Mr Horseman explains his own strategy is based around three pillars: tax, investment strategy and withdrawal policy.
This includes using the full range of capital vehicles, such as Isas, open-ended funds, pensions accounts and alternatives, such as venture capital trusts, enterprise investment schemes and maximising business property relief.
“Demonstrating your worth will require an in-depth knowledge of both the client’s objectives and tax position both now and modelled into the future, so you can ensure the client receives maximum income receipt utilising all available tax wrappers,” he says.
“It is entirely possible to legitimately save tens of thousands of pounds of tax, using both personal allowances and the new dividend allowance as well as taking advantage of capital gains tax allowances.”
Advisers will have to move quickly to create such structures, however, with the government keen to minimise transition periods where it ends up haemorrhaging revenue.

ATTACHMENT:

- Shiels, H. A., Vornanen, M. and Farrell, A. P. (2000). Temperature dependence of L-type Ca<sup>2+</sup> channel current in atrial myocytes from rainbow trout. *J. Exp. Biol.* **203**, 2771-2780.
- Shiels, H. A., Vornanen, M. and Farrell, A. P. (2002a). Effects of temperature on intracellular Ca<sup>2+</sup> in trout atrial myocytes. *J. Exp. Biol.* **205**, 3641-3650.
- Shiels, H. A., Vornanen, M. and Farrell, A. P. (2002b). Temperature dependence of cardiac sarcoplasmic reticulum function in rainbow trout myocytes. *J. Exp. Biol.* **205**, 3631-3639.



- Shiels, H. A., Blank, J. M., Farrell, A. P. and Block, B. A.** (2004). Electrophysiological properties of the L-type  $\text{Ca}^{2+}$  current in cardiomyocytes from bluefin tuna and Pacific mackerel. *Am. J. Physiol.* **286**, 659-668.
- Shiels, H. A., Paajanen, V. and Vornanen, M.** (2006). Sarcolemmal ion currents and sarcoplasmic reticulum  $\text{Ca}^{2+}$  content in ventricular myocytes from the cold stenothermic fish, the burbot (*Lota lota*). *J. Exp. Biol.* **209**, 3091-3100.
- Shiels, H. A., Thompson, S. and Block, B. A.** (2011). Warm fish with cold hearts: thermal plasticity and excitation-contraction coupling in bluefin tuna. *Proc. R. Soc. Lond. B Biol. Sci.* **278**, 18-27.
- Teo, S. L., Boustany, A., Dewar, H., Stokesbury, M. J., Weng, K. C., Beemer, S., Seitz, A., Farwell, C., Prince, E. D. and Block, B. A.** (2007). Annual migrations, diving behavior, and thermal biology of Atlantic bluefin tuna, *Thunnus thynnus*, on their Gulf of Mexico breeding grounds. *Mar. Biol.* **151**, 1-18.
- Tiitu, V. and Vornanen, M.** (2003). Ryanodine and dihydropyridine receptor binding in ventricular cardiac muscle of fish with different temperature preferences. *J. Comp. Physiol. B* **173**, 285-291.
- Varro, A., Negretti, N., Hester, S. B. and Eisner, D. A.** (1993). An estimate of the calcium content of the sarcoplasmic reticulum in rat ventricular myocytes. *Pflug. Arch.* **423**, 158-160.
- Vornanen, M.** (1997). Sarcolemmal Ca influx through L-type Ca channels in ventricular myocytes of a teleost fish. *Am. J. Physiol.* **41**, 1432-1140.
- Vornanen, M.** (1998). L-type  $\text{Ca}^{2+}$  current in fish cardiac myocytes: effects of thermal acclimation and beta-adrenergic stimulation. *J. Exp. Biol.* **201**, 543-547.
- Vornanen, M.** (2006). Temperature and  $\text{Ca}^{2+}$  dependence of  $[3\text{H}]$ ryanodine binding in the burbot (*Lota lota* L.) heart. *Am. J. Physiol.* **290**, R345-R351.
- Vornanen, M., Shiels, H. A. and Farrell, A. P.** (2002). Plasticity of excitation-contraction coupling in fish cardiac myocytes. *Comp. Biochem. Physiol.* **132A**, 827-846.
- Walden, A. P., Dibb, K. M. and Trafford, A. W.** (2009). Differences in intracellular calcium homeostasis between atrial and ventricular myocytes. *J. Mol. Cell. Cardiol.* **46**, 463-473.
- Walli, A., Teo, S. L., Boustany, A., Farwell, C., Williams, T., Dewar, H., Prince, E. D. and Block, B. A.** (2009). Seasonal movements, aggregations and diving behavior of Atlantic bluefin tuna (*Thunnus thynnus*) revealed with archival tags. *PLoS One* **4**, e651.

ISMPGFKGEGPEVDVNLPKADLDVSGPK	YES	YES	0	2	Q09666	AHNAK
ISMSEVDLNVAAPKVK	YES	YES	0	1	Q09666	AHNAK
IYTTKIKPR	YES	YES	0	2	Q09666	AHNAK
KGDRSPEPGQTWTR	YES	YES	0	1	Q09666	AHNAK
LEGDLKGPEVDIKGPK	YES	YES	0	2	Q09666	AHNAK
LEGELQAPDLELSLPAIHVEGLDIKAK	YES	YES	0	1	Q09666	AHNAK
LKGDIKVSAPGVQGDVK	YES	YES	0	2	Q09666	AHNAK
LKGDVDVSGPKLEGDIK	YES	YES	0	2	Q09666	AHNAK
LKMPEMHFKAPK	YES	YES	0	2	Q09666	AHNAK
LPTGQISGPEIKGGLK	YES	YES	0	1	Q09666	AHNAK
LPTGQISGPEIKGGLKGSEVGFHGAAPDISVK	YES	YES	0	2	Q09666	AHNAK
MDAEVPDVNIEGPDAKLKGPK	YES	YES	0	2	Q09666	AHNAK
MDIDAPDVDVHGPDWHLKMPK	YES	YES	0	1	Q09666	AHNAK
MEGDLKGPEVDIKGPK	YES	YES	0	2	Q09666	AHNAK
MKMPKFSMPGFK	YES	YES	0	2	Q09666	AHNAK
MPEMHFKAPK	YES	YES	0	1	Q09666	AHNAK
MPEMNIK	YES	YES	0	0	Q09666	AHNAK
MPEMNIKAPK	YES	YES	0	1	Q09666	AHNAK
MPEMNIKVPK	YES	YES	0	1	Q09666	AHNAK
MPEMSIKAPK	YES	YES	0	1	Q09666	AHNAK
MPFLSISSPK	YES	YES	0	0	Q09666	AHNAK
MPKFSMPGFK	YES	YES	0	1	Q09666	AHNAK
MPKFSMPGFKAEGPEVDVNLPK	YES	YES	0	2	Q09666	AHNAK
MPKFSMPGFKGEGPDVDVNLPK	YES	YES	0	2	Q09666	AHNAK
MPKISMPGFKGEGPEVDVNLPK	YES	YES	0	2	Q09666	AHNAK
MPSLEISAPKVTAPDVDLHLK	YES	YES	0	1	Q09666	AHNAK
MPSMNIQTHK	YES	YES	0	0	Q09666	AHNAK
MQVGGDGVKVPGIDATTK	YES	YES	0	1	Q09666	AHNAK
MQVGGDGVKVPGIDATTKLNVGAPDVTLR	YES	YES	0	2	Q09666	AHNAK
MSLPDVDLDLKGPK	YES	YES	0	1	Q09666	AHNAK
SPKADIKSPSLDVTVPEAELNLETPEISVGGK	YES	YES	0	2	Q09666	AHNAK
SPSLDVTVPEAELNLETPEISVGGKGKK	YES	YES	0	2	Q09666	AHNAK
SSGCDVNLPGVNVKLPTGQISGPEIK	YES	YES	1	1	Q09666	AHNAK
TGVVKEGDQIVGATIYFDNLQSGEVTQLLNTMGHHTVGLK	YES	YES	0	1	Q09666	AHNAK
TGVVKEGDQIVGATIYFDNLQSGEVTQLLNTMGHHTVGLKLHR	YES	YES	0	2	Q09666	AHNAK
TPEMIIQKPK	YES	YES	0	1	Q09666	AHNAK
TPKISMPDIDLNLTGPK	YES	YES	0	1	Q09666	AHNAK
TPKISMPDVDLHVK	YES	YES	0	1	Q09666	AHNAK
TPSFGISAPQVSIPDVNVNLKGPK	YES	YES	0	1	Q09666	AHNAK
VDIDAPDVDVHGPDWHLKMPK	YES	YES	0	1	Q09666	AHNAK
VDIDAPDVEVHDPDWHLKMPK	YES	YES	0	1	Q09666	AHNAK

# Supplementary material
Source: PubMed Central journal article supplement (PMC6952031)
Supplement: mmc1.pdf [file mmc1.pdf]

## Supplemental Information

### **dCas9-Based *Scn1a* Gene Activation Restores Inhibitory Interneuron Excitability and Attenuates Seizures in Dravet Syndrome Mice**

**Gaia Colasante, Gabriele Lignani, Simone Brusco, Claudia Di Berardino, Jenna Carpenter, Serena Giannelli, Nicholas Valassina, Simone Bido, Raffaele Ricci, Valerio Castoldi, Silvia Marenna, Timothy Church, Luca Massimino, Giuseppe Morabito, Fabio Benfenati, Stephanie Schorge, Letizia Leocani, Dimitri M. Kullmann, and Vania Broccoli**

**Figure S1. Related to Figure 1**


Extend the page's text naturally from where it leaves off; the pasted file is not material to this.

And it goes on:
Room for manoeuvre
The Office for Budget Responsibility acknowledged the government’s decision to “preannounce” its previous package of dividend taxation reforms had cost the Treasury £800m in revenue, as taxpayers reduced their prospective liabilities in the intervening nine-month period.
There is less room to manoeuvre on this occasion. However, those overseeing portfolios do have some breathing space.
A rising Isa allowance allows investors to shelter a larger amount, while transferring holdings to other vehicles such as Sipps could also be an option.
In the UK the expectation of significant increase in investment has been a damp squib --- Gavin Haynes
Specialists have pointed to the so-called “bed and Isa” or “bed and Sipp” strategies, where investors sell holdings and immediately buy them back via a tax wrapper.
Gavin Haynes, managing director of Whitechurch Securities, agrees with Mr Horseman. He says it was now “more important than ever” to maximise other forms of tax efficiency. He also suggests the greater use of capital gains tax allowances.